After resounding backing from an FDA advisory panel earlier this year US approval for Shire’s Firazyr, granted yesterday, was not a huge surprise. But as the fourth product to treat the rare swelling condition hereditary angioedema to reach the US market within three years, the British drug maker will have to fight hard for a share of this small and competitive market.
The product has an important differentiation in that it can be self-administered, and since this feature was approved by European regulators in March Shire has seen an impact, Sylvie Grégoire, president of the company’s human genetic therapies unit, tells EP Vantage. However, overall uptake has been resoundingly disappointing in Europe since launch in 2008 – in total the product has only generated sales of $29m – and a much better performance is needed from the US launch.
Most analysts believe that the situation in the US is likely to be very different, with self-administration on the label from day one. Reimbursement issues, which hobbled demand in Europe, are also not anticipated. The table below shows that on average sales of $175m are anticipated by 2016, according to consensus data from EvaluatePharma, a figure that could rise now US approval is in the bag.
Firazyr will compete directly in the acute setting with subcutaneous Kalbitor and infusion therapy Berinert – Cinryze, also an infusion therapy, is approved only in a prophylactic setting, used mostly by patients who suffer very regular attacks of the swelling condition.
With the efficacy of the three acute treatments broadly similar in terms of the time they take to bring swelling under control, convenience factors are crucial. Berinert must be infused in hospital, while Kalbitor needs to be reconstituted before injection and stored in a refrigerator. Its black box warning about the potential for anaphylactic reactions also means it has to be administered by a healthcare professional, ruling out home use.
Firazyr is stored at room temperature and can be administered immediately a patient feels signs that an attack is beginning. With no real hurdles for a patient to start self injecting, and home use eliminating what can be expensive trips to the emergency room in the US, Shire is convinced the product will do well.
“We think Firazyr will take a good part of the market because it serves an unmet need in terms of rapidity of access to treatment,” says Ms Grégoire. “In terms of value the market as a whole its still evolving. Where it will get to, in terms of market value, and who gets what market share, it is still too early to tell.”
Although the arrival of these new products in the US – where only prophylactic steroid treatment was available before the approval of Cinryze and Berinert – is improving awareness of the disease, under diagnosis is still a problem, Ms Grégoire says.
“On average these patients are diagnosed about 17 years after their first attack. The advent of treatment has increased awareness, but you have to have awareness at the level of primary physicians to expect that, and that will take a longer time than a couple of years,” she says.
It is estimated that 30,000 patients worldwide suffer from hereditary angioedema, characterised by a low levels or a dysfunction of the enzyme C1 esterase inhibitor, which leaves sufferers prone to attacks of swelling in the face, abdomen and genitals – swelling in the larynx can be fatal. The US is thought to account for a third of these patients; Shire believes only half are currently diagnosed.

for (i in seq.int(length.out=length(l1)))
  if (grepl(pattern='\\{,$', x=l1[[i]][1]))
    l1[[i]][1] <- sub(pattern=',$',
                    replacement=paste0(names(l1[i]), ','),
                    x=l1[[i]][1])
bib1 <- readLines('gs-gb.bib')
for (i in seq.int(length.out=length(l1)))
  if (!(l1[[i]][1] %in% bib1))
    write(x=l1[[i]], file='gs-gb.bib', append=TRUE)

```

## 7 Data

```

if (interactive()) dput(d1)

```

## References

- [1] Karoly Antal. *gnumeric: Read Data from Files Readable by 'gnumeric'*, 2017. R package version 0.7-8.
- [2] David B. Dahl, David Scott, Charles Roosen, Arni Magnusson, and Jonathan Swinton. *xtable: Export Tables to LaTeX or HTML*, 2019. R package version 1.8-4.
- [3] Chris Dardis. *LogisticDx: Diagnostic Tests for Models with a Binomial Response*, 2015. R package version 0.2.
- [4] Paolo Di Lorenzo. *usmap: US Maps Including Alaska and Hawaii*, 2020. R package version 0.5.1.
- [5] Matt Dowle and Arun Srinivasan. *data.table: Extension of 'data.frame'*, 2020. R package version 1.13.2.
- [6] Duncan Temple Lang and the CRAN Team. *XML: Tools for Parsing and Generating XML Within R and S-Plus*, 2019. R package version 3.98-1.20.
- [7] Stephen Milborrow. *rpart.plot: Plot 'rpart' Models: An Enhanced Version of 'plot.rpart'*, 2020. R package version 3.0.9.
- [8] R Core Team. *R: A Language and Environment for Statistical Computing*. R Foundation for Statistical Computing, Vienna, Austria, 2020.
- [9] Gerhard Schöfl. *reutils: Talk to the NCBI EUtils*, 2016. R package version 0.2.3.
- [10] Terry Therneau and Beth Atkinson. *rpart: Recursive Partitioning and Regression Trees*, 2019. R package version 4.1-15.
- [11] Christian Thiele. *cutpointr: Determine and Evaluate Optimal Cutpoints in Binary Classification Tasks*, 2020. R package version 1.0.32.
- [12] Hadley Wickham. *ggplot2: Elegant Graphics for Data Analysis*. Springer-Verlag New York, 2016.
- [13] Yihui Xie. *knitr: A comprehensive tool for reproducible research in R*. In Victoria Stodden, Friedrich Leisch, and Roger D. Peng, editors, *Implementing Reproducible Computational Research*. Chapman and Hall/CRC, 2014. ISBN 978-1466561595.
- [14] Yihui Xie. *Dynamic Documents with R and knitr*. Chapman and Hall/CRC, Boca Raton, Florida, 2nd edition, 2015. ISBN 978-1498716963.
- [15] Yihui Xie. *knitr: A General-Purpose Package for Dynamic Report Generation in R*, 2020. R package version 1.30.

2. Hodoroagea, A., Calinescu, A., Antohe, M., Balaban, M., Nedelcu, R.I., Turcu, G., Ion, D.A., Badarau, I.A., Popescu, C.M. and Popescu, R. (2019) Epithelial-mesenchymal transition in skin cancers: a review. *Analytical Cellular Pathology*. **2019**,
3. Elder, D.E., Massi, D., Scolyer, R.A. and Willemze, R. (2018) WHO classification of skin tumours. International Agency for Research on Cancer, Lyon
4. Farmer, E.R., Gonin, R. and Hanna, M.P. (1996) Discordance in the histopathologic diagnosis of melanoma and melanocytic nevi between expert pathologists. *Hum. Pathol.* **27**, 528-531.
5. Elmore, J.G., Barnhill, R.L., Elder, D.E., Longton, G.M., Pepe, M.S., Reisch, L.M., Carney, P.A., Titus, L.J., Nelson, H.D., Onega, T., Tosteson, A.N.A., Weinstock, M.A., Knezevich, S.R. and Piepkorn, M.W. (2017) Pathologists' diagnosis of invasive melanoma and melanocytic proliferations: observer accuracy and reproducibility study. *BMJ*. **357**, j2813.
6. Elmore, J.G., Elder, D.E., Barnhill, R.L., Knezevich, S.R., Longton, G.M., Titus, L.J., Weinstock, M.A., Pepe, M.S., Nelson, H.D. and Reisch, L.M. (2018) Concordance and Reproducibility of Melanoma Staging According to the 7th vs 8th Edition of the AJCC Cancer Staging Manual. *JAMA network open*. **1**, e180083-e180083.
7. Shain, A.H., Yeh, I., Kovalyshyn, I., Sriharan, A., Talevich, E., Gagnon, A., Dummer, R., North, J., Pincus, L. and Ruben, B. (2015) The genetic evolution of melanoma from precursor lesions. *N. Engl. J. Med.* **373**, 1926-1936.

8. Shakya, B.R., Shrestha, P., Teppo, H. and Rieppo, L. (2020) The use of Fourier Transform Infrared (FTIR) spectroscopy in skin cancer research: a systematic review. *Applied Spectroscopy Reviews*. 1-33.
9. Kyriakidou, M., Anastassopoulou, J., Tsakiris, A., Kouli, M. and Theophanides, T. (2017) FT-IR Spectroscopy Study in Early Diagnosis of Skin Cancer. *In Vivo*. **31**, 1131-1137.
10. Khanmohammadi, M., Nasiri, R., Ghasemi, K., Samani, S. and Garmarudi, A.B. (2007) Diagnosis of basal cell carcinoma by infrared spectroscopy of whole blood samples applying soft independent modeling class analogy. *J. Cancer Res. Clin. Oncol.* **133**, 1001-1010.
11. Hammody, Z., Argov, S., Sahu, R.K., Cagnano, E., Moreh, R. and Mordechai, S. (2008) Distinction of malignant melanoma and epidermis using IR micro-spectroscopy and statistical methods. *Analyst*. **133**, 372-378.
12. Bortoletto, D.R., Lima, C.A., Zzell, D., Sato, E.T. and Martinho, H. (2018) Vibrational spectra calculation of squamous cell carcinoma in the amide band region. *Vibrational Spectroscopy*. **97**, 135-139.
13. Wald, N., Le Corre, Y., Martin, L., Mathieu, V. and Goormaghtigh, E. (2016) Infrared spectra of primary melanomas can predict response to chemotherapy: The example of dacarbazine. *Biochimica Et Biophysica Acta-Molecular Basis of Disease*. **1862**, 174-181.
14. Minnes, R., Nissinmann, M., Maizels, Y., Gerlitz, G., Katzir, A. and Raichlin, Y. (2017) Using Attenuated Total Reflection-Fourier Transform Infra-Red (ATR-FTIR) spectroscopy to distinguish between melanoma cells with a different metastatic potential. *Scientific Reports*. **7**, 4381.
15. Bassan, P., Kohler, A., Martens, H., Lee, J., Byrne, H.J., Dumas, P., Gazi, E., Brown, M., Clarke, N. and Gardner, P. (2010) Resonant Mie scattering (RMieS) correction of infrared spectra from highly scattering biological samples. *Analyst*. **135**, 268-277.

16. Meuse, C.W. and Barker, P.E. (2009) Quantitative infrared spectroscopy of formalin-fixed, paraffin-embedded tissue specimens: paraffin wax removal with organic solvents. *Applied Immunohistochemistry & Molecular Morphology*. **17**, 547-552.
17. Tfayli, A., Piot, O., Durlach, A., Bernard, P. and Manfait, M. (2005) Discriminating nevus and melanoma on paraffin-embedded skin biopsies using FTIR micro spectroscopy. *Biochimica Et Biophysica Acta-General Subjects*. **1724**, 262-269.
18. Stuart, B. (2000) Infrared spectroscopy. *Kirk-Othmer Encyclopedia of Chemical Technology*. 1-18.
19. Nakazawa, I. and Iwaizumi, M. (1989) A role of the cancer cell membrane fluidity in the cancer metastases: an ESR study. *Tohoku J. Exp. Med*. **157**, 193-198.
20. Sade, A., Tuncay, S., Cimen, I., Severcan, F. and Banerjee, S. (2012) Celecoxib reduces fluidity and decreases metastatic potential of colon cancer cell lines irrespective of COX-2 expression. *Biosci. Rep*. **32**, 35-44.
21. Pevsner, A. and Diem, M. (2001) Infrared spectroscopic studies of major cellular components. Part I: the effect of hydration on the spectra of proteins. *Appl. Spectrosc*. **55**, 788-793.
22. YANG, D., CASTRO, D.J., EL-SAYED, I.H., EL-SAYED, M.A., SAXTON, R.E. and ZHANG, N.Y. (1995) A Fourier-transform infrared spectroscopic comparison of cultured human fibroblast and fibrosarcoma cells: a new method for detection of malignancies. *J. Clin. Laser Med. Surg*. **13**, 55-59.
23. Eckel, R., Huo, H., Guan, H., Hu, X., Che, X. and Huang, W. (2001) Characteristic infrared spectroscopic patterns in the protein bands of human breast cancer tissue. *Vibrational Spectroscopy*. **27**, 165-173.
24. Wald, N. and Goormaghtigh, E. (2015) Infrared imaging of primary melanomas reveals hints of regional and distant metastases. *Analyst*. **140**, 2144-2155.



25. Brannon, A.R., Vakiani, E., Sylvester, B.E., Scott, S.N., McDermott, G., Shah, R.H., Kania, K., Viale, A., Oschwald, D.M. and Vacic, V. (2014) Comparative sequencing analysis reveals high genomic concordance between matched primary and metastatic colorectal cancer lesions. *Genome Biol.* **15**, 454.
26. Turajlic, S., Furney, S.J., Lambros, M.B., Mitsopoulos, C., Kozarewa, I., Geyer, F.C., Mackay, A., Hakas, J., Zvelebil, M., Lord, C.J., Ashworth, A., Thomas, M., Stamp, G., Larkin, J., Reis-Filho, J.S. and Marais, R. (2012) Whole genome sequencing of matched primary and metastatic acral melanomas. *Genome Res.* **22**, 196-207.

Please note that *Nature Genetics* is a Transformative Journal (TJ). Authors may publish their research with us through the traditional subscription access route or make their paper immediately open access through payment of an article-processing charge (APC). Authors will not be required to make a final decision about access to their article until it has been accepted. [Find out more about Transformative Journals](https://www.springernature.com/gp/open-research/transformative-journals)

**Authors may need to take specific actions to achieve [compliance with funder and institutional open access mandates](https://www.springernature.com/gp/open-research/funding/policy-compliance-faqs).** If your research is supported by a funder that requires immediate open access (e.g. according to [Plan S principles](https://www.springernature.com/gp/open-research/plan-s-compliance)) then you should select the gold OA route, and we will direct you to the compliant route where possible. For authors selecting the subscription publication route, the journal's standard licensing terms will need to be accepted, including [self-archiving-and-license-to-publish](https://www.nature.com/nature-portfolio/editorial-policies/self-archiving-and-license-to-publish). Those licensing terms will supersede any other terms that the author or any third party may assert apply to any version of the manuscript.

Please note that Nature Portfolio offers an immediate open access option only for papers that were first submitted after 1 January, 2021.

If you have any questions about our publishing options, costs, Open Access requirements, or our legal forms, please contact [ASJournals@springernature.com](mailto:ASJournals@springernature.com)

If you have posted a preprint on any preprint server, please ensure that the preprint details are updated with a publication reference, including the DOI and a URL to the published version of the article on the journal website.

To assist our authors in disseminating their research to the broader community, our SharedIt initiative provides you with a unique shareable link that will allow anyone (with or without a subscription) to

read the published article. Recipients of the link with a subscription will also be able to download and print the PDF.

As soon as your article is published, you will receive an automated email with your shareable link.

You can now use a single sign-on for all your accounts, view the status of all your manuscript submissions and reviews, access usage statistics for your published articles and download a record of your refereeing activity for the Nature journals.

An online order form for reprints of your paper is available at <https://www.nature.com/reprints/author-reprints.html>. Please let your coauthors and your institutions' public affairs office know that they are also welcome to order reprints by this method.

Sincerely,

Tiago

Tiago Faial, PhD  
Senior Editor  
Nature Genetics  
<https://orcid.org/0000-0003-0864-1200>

This certainly describes a niche market, and with four products now available in the US competition is likely to be intense. Still, Ms Grégoire argues that there is room for all these players.
“It’s a rare disease but not as rare as some others. If you think about Fabry and Gaucher diseases, they have patients in the low thousands in terms of prevalence. This disease can tolerate more competitors particularly if some products don’t address all unmet needs in terms of how they are administered or how the disease manifests itself. That will prompt the arrival of further competitors, even in the rare disease space,” she says.
While there is unsurprisingly little else in the pipeline for HAE following the glut of approvals of the last few years, incumbents are still working on improvements to their offerings. For example ViroPharma is developing a subcutaneous formulation of Cinryze, which will yield phase II results next year and prompt a decision from the company on whether to move into pivotal studies.
Shire meanwhile is working on more convenient routes of administration for Firazyr, Ms Grégoire says, as well as other forms of angioedema.
Each new arrival on the HAE market has offered something new and Firazry is no different. But the small market is undoubtedly crowded and initial demand will be closely watched, as Shire strives to make the impact in the US that failed to materialise in Europe.
|HAE market||Annual Sales WW ($m)|
|Product||Company||Generic Name||2010||2012||2014||2016||Launch US||Launch Europe|
|Cinryze||ViroPharma||C1 esterase inhibitor (human)||177||332||471||570||2009||2011|
|Berinert P||CSL||C1 esterase inhibitor (human)||*91||125||165||195||2009||2010|
|Rhucin/Ruconest||Pharming/Swedish Orphan/Santarus/Esteve||conestat alfa||**0.9||-||8||29||2013||2010|
|*CSL does not announce sales, figures based on Cowen estimates|
|**Figures based on 2010 sales announced by Pharming, forecast data only available for Santarus which owns US rights|